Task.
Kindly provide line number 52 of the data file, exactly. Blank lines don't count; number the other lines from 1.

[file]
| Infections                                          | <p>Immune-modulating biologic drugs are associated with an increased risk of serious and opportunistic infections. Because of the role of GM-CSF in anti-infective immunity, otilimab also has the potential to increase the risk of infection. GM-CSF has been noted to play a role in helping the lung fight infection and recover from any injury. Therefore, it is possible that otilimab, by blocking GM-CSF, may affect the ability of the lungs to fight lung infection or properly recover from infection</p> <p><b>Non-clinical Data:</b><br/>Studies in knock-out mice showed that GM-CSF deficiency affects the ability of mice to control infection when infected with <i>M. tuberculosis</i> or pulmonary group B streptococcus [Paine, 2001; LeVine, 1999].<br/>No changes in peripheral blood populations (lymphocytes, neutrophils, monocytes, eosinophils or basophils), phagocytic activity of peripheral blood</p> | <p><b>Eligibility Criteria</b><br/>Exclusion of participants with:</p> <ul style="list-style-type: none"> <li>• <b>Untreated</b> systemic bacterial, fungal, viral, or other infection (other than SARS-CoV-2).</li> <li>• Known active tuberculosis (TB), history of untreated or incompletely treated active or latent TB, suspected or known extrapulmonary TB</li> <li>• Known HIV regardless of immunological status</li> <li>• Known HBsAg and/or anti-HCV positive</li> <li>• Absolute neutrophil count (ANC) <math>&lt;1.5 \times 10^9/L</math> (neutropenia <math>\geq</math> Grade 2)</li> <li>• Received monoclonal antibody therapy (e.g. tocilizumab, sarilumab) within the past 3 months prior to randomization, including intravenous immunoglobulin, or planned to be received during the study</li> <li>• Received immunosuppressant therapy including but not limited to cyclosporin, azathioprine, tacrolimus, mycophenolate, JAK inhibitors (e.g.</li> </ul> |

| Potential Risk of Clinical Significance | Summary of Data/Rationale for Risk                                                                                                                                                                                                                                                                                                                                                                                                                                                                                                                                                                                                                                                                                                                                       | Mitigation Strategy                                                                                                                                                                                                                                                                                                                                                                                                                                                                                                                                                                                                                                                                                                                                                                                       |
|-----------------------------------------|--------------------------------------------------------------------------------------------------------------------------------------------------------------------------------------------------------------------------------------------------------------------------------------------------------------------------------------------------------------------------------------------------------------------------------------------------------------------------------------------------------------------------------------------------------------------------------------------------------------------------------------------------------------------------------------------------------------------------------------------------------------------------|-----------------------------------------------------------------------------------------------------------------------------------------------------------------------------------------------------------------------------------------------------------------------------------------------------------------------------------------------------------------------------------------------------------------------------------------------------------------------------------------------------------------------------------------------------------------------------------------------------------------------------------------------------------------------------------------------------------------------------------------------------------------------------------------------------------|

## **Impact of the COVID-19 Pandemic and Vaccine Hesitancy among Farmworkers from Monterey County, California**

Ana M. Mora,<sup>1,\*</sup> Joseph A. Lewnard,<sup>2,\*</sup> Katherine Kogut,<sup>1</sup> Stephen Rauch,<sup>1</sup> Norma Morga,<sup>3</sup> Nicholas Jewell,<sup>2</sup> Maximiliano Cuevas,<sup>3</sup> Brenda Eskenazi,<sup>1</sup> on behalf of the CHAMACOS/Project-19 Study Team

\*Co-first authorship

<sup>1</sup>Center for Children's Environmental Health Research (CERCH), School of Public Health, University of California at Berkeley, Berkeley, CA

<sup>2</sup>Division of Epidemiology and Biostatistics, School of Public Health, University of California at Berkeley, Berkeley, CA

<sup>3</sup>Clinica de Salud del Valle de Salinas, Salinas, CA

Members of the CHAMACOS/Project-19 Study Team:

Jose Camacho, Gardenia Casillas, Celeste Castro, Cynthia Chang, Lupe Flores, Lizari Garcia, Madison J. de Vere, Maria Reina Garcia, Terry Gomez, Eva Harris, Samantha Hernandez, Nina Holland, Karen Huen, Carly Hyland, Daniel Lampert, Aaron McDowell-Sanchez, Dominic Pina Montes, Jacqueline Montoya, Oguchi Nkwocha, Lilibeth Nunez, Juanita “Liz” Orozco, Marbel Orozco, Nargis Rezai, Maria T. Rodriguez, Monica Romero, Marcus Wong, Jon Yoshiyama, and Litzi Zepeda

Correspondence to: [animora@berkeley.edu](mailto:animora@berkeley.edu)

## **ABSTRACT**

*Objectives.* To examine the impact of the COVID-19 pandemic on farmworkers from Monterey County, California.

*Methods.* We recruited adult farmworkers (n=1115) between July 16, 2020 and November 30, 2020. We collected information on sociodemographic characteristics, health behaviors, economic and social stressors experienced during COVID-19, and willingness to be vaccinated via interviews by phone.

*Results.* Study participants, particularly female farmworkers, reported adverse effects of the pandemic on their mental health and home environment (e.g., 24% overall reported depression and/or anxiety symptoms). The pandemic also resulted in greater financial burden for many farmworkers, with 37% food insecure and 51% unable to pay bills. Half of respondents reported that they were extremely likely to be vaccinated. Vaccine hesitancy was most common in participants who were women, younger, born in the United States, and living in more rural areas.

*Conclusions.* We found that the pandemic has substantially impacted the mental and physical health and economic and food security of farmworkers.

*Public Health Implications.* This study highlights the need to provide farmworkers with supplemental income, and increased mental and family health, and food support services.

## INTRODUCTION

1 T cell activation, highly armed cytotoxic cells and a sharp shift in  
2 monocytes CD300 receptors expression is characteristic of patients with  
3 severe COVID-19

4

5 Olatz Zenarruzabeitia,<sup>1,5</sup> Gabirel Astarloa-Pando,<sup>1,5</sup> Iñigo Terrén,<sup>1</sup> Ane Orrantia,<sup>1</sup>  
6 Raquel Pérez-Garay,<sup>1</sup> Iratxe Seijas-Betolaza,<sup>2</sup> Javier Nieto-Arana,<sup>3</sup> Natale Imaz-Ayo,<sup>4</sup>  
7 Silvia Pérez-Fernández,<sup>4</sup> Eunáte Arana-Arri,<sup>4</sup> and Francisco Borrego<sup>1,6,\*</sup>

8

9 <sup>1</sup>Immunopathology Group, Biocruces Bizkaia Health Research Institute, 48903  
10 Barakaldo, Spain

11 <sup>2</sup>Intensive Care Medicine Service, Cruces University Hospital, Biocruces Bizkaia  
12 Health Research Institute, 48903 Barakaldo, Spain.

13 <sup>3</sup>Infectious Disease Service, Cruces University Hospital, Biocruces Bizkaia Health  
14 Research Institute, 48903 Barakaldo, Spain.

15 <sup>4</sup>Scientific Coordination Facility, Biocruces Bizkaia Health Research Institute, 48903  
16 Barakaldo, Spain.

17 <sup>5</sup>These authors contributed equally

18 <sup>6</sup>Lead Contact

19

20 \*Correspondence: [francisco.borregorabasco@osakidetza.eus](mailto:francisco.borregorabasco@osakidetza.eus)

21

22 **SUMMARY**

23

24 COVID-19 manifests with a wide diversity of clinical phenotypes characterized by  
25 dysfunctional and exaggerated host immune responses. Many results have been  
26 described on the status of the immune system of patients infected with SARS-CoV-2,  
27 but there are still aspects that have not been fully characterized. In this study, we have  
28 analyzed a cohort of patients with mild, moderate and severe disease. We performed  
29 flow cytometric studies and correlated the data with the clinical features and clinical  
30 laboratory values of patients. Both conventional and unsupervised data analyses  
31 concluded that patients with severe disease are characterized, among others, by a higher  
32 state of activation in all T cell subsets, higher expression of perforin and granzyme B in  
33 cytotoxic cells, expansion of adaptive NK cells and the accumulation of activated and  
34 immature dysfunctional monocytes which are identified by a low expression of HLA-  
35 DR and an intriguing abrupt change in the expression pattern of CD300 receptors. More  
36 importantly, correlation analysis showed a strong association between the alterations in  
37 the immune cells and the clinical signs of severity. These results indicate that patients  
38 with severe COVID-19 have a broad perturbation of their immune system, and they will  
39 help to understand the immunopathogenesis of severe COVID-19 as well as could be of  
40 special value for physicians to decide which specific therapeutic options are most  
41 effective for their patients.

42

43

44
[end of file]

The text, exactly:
33 cytotoxic cells, expansion of adaptive NK cells and the accumulation of activated and  